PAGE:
7 Dirty Little Web Design Secrets Most Designers Hope You Never Find Out

Talk to butchers and they will tell you how great meat is. Talking to vegans, the conversation will go in the exact opposite direction.

Everybody wants to sell you what she or he believes is best. Sometimes for you, and sometimes for them.

Like most professions, web designers also have their fair trade of secrets that they often prefer to hide from you. Not because they are bad people, but because most of them just follow the rules of the industry and blindly copy their competition.

In this article, I want to bust some of the myths and beliefs about web design and give you another perspective to approach your next website redesign.

I hope it will help you make a better decision when outsourcing your next website project and even negotiate a better contract.

What Most People Don’t Know About the Web Design Industry but Should

Of course, there is no need to become an industry expert before engaging a web design agency for your company.

However, in times when more people make most of their buying decisions online, having a website that supports your business growth is vital.

Here are seven secrets that should actually be well-known web design facts, but most business owners are unaware of.

Secret #1: You Don’t Always Need a Complete Website Redesign

Depending on the technology you used to develop your current website, a complete website redesign might be highly recommended.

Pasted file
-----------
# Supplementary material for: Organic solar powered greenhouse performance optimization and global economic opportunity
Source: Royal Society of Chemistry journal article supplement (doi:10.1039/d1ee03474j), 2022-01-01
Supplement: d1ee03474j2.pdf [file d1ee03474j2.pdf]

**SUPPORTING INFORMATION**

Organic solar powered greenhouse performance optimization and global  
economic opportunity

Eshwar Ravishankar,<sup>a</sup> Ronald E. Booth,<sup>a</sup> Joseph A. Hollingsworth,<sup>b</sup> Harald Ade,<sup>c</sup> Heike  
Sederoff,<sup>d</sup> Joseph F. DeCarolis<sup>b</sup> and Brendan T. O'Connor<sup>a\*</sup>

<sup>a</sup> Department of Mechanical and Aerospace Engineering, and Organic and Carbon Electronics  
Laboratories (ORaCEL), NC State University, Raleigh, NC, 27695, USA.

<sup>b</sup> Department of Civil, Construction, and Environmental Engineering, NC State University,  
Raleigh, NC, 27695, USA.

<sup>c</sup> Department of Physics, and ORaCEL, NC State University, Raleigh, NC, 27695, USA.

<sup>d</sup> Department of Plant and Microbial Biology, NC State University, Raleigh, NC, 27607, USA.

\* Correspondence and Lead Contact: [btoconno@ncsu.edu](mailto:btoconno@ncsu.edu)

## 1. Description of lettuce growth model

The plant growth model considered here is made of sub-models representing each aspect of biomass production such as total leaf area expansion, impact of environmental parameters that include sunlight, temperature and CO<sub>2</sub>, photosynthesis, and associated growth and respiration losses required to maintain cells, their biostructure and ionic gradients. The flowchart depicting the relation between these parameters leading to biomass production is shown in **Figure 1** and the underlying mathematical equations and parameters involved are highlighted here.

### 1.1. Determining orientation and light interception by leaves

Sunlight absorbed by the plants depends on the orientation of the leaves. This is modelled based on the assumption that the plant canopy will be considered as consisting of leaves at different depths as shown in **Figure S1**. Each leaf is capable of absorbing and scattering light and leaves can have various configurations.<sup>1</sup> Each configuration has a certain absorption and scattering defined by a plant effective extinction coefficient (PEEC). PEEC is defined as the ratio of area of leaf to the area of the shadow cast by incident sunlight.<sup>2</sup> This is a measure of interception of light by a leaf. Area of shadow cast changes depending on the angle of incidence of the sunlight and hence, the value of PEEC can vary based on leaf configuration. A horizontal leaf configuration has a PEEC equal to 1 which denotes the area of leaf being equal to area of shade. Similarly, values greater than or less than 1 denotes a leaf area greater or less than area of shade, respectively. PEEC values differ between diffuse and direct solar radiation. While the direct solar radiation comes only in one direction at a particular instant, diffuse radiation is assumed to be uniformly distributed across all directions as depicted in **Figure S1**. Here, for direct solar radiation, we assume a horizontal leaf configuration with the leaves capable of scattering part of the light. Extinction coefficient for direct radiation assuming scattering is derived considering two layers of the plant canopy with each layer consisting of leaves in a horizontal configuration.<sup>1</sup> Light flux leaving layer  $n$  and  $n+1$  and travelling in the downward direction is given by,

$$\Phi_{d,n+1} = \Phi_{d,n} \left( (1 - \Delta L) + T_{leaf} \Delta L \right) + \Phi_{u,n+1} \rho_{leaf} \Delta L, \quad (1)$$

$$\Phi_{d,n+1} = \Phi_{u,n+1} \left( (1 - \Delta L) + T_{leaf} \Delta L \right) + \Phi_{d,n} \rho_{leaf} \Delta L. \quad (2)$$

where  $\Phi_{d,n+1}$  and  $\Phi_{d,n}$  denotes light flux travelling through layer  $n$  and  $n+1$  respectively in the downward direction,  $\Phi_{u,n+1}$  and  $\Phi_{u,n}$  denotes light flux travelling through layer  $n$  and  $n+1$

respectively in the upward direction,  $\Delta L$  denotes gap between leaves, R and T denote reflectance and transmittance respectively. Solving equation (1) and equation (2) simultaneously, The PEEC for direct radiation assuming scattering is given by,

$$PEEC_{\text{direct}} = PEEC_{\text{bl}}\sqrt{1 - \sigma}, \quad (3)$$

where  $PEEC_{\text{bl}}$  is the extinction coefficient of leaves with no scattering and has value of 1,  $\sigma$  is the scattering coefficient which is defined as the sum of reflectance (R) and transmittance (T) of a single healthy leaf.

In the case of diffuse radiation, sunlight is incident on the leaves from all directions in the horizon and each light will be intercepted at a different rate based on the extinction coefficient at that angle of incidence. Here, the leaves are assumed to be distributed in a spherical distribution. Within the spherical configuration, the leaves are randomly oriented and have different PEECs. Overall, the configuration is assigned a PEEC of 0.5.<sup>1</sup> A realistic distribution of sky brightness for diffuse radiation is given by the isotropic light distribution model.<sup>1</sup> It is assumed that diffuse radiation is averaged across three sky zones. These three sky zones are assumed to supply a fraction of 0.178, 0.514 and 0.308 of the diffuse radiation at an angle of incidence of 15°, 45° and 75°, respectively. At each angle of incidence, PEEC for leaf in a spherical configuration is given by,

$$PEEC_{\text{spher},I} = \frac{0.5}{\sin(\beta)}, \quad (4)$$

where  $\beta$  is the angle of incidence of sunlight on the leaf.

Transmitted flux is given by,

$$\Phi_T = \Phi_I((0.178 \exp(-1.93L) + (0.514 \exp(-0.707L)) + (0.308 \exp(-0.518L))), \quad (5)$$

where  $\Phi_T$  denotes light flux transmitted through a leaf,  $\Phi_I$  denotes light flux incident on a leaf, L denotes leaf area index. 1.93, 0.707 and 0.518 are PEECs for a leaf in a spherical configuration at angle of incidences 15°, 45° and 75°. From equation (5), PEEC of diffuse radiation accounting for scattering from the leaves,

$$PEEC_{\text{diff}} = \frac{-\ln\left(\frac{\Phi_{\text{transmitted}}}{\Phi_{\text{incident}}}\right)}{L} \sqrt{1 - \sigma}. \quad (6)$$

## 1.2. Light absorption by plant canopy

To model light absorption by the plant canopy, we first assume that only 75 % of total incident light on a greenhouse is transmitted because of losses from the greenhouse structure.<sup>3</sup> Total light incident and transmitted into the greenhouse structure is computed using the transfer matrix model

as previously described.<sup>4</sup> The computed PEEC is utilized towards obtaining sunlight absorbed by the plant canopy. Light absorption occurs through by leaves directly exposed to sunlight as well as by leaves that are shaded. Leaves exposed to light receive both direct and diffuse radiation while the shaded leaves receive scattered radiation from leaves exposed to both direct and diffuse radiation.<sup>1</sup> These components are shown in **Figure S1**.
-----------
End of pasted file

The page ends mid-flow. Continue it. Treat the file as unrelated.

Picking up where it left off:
There might be many reasons why you want to redesign your website in the first place. Make sure you do it for the right reasons though.

For example, if your website was built on a flexible WordPress theme like Elementor, Divi, and others and already generates leads and sales, you might want to consider just a design revamp.

It might be totally fine to use your current website template and refresh it with new images and illustrations or change the structure.

A lot of web designers insist on creating something new from scratch because it is mostly a bigger work engagement than just website updates.

But why would you want to burn down the whole house instead of painting it in a new color?

You Don't Always Need a Complete Website Redesign

One of the main reasons why your web designer recommends rebuilding your complete website is that she or he is just a one-trick pony.

Most designers want to use the same template for all customers and couldn’t care to learn how to use another theme.

Of course, they will never tell you this so make sure that you get a second or third opinion.

Secret #2: Pretty Is Not the Most Important Aspect of a Website

Ok, you have decided that you need a new website.

The second step leads you usually to Google, where you search for “web design inspiration” and up on sites like awwwards.com.

There you find a bunch of fancy websites that look innovative but are terrible if you try to find information on them.

What I’m talking about is the user experience (UX) that determines how people use your website and what actions they take on it.